Low Impact Cardio Workout

Introduction | Who can benefit from this workout | Low impact cardio workout

An image of a woman on an airdyne bike completing a low impact cardio workout.

If you’re injured or have just been out of action for a while, this low impact cardio workout will help you back into the swing of things. The low impact cardio exercises engage the heart and lungs without overstressing the muscles and joints.


As well as low impact cardio exercises, this workout features low impact body weight and resistance movements. So, in addition to stimulating the heart and lungs and burning fat, this workout also enhances muscular endurance.


Who can benefit from this low impact cardio workout

This workout can meet a wide and diverse range of training requirements. The primary purpose of the workout is to provide an engaging fitness outlet for those carrying an injury or getting back into exercise post-injury.


However, the application of this low impact cardio workout isn’t just limited to the injured. As I have endeavoured to outline below, it can be used as active recovery training, or for those that, for whatever reason, are unable to fully participate in exercise.


Injured or post-injury rehabilitation

Injuries are frustrating for anyone, but arguably more so for those that enjoy exercise and keeping active. But not all injuries prohibit participation. Depending on the severity and location of the injury, it is often possible to continue exercising.


In such cases, the injured person must reduce training intensity and avoid exercises that exacerbate the injured area.


I’m reminded of a Royal Marines poster featuring a recruit with a leg in plaster hanging from a pull-up bar. The headline ran something like: Even with a broken leg, training doesn’t stop.


This workout, with its many modifiable options, has been designed to cater for those suffering from a range of injuries. In addition, it can be adapted to support post-injury rehabilitation.

Active recovery

You don’t have to enforce a complete day of inactivity to allow the body to recover after exercise. Active recovery training has been shown to aid muscle repair while sustaining physical development.


Active rest day

In the highly researched book Serious Cycling, author Edmund Burke Ph.D. stresses the importance of engaging in what he calls ‘active rest’. Elite-level cyclists are encouraged to remain physically active even after a long season of punishing competitions. ‘Total time off the bike is not good,’ and instead of resting ‘Cyclists should gradually reduce their cycling millage’ and engage in ‘low-volume, low-intensity workouts,’ (Serious Cycling – p205)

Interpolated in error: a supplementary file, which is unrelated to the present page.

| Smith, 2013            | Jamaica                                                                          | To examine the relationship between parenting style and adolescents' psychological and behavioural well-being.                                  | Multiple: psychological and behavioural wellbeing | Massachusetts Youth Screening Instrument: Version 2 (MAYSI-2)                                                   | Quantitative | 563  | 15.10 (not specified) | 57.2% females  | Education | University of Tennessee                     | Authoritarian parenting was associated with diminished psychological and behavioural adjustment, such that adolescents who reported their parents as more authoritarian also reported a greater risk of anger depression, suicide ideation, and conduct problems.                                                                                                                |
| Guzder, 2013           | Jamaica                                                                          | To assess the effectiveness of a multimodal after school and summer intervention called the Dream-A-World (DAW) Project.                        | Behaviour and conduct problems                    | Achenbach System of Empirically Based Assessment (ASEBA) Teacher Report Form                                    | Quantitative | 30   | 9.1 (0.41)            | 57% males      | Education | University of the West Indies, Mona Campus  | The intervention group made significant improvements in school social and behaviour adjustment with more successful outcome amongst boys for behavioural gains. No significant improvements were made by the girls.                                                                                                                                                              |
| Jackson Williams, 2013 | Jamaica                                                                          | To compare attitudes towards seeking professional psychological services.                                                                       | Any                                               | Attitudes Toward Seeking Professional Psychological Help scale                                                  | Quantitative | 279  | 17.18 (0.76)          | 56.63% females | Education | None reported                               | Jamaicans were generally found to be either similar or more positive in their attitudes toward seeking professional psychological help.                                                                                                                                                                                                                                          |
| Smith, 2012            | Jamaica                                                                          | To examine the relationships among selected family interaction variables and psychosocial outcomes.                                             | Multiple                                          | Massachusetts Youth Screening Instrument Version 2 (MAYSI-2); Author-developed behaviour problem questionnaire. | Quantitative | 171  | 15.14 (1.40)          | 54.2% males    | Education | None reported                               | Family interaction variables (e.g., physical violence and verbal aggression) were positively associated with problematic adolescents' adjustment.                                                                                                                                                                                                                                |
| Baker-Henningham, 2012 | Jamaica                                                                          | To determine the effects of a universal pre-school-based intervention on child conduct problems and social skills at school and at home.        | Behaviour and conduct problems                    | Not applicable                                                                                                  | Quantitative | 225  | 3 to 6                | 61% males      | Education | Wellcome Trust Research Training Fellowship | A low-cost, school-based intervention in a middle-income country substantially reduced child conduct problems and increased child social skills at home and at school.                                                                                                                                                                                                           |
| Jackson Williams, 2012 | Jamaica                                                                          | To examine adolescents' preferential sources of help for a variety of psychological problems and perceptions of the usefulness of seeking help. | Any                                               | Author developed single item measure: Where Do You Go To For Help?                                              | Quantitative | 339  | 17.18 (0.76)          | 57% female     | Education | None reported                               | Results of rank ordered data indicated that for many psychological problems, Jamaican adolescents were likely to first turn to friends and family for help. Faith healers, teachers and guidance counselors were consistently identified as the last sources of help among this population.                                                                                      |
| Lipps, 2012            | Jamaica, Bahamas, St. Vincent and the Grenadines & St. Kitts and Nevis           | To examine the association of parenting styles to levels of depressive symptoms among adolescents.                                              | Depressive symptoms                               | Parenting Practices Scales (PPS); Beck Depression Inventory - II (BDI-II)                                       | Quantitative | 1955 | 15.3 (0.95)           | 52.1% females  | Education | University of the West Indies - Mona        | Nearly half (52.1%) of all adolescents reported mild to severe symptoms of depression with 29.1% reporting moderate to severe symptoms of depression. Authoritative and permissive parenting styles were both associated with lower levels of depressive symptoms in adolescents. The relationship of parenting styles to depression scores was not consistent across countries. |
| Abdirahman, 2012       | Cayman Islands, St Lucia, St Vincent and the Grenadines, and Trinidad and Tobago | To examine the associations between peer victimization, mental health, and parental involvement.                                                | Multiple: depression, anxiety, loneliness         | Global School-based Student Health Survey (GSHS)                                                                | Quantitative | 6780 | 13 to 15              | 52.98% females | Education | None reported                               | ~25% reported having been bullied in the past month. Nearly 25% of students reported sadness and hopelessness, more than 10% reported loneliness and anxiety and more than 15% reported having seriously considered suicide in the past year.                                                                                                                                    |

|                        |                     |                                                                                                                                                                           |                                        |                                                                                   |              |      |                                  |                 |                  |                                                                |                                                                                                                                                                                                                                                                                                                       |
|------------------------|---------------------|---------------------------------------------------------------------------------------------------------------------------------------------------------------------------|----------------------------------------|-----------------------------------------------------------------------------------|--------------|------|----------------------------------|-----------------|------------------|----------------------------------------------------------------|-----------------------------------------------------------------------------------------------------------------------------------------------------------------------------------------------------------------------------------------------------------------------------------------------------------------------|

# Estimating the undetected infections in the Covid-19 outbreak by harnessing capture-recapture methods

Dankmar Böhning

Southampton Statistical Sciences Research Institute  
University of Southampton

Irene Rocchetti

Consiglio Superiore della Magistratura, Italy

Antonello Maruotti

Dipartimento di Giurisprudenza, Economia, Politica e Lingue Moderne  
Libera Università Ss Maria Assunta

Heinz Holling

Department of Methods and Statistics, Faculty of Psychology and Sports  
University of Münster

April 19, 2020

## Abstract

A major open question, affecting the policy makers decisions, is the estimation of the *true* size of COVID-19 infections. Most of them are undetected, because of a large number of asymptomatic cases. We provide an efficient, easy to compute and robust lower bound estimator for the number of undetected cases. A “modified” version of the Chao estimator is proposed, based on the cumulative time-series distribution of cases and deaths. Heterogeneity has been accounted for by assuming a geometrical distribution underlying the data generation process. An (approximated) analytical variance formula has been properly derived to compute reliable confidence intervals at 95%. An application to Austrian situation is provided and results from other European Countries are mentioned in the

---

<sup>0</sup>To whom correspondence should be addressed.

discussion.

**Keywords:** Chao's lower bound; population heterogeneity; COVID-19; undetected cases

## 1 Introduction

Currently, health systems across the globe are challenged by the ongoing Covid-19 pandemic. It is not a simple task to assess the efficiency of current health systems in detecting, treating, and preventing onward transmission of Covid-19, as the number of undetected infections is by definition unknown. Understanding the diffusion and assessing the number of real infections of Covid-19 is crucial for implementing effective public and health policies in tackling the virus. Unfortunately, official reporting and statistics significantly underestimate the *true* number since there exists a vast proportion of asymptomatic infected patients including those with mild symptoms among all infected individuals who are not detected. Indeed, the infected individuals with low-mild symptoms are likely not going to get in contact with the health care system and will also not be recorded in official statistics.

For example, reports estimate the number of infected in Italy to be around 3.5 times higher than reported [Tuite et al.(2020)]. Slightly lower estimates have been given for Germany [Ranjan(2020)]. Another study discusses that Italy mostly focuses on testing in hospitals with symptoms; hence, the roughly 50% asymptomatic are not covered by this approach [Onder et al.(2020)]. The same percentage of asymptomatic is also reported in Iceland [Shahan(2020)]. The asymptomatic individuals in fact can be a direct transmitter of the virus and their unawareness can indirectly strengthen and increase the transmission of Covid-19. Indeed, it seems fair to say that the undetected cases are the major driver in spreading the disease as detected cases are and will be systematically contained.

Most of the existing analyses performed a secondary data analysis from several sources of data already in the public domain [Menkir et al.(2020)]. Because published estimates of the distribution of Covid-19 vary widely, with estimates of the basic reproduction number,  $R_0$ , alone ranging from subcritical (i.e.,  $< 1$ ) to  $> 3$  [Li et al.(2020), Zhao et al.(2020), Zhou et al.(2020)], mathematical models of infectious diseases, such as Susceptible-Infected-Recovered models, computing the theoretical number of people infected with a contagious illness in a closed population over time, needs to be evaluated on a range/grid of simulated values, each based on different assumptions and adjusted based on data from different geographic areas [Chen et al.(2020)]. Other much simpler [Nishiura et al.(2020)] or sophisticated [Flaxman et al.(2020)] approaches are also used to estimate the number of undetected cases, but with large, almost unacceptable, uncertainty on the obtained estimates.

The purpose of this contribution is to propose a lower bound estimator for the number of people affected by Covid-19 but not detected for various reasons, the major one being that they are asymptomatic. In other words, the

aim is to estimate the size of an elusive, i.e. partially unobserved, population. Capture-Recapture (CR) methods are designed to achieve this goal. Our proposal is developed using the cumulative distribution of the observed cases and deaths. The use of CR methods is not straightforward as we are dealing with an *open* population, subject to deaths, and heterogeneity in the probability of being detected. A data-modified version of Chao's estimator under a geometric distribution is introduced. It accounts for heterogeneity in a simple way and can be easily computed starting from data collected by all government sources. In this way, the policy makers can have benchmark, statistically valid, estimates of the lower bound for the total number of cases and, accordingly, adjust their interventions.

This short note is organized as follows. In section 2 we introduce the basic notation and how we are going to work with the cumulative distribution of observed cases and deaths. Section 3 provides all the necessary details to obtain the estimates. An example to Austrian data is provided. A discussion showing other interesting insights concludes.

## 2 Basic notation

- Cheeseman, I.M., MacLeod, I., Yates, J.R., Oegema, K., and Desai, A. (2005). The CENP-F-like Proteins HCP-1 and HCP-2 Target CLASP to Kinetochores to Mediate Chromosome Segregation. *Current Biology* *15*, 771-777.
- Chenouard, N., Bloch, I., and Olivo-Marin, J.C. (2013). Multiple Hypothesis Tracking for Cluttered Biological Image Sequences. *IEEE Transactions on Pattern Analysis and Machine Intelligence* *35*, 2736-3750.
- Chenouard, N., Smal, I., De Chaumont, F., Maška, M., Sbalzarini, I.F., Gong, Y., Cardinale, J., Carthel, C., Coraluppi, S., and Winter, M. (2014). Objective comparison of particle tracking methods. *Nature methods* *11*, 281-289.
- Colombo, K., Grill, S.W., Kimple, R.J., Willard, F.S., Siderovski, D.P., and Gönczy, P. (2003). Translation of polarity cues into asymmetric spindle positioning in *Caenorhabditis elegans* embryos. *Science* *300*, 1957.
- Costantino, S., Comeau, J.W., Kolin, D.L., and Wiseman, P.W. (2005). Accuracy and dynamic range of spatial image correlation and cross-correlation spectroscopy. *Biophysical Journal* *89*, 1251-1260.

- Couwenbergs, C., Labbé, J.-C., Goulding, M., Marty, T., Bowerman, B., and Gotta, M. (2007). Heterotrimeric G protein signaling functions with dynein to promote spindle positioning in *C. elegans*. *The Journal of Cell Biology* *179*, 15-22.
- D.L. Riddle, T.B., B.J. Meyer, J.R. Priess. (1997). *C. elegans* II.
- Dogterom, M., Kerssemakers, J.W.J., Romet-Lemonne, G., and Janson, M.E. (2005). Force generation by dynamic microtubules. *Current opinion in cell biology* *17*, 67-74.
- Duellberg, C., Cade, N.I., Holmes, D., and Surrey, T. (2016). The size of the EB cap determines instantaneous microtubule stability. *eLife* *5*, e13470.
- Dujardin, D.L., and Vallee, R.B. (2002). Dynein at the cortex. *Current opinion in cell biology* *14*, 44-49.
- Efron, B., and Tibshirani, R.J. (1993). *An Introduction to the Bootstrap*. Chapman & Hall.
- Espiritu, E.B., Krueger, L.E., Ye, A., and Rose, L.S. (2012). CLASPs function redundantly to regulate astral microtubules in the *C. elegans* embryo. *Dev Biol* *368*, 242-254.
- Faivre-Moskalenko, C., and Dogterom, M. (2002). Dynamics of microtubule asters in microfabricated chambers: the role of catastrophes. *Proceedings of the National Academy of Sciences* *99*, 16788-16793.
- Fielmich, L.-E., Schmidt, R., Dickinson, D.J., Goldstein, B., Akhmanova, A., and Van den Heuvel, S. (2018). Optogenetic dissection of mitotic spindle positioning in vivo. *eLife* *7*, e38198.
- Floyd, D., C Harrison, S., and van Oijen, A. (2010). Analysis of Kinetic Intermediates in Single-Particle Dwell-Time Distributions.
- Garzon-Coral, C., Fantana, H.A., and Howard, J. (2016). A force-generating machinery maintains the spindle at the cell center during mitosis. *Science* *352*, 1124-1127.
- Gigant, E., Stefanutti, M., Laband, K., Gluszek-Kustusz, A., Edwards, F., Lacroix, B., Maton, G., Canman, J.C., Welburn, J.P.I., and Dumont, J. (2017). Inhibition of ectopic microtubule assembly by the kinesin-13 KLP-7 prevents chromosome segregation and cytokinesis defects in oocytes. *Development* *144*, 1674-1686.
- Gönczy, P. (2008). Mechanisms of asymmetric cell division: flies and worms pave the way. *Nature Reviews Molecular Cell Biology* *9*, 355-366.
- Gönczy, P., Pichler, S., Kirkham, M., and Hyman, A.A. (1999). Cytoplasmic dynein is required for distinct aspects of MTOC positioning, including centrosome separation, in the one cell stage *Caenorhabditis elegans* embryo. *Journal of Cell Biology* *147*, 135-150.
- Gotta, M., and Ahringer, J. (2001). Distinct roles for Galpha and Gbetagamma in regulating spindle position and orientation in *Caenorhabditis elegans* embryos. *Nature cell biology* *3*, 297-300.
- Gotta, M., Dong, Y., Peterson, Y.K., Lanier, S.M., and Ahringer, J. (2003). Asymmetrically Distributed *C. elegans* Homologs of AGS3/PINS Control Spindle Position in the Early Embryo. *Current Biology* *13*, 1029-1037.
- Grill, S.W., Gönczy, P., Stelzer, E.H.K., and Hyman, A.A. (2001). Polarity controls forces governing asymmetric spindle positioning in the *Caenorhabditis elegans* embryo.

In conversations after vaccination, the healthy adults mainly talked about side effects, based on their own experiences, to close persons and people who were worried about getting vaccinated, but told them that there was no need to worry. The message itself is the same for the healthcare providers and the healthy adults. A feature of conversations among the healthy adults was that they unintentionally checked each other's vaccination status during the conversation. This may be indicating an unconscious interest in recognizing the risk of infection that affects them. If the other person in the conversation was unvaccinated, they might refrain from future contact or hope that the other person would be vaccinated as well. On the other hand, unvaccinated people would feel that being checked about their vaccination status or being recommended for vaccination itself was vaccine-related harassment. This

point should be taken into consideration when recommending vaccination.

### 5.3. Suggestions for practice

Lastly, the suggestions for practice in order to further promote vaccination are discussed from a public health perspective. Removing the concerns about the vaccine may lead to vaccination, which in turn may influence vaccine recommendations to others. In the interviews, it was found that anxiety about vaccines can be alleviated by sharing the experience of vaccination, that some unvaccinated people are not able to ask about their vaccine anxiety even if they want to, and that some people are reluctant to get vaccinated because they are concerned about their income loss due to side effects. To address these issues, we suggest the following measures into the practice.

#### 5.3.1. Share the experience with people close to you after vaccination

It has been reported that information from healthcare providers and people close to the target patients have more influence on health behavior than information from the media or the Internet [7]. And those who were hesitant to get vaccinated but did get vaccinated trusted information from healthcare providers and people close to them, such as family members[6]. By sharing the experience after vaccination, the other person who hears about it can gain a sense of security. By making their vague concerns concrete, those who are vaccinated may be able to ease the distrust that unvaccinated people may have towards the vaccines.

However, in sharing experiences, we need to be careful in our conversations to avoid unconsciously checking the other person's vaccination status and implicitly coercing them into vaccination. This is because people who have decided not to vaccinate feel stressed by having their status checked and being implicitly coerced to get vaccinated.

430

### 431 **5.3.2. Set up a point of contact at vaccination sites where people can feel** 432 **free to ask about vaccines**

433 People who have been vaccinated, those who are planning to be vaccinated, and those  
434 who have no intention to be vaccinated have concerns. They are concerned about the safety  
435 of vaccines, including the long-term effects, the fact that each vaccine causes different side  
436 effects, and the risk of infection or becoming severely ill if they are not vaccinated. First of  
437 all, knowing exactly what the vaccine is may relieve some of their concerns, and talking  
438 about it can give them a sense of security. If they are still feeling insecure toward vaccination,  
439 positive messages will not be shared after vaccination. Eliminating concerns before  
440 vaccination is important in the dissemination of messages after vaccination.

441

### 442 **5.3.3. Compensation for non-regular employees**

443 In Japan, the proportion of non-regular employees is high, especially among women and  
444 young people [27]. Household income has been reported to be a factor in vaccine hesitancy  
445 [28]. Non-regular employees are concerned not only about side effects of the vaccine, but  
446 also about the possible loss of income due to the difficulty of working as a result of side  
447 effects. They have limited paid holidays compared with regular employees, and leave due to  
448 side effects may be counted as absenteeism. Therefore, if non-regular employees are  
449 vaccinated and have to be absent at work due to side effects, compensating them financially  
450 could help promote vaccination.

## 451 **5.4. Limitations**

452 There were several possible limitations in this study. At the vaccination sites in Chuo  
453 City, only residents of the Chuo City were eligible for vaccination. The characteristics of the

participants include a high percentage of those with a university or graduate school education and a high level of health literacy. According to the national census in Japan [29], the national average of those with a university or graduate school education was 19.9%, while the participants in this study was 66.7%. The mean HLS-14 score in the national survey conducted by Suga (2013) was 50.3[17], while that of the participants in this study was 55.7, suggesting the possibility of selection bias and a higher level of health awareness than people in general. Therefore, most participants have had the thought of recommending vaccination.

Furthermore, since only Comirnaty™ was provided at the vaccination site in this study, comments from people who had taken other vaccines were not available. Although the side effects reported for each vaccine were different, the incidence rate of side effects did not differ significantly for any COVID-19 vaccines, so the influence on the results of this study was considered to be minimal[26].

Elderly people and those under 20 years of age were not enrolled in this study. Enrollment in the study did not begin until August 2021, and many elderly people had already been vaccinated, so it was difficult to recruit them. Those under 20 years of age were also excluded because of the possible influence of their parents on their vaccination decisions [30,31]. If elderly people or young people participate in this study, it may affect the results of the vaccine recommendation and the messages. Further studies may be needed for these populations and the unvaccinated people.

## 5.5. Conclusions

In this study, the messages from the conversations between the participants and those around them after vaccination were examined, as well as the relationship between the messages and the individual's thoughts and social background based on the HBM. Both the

The purpose of active recovery, as outlined in Physiology of Sport and Exercise, is to ‘provide sufficient stress to the muscles to maintain existing levels of strength while allowing a reduction in intensity, duration, or frequency of training.’


Simply put, active recovery workouts consist of low-intensity, low-impact exercise. The objective of such workouts is to keep the physiological systems ticking over while the body repairs damaged tissue. In addition, active recovery sessions can facilitate the removal of metabolic waste, which attenuates the severity of post-training DOMS (delayed onset of muscle soreness).


Beginner trainers, the elderly, and those overweight

I hope I haven’t offended anyone by lumping together these three demographics (if beginner trainer constitutes a demographic). However, it’s fair to say that beginners, the elderly, and those carrying excess weight are all at greater risk when exercising.


Watson (1997) tells us that ‘A number of studies have demonstrated that athletes who […] are overweight are more likely to suffer from injury.’ (Physical Fitness & Exercise Performance). He goes on to outline other ‘at-risk’ categories while counselling the need to pay special attention to participating in ‘forms of physical activity that carry lower risk.’


Stay active

But if you do identify yourself with one or more of the three categories, you should still strive to remain active. ‘Individuals with medical problems should not be discouraged from participation in sport’ (Physical Fitness & Exercise Performance). Engaging in exercise, even at a low intensity, is beneficial for health.


Low-intensity, low impact workouts like the one below can provide beginners with a safe way to develop experience. Moreover, low impact workouts enable the elderly and people who are overweight to participate in a safer form of physical exercise.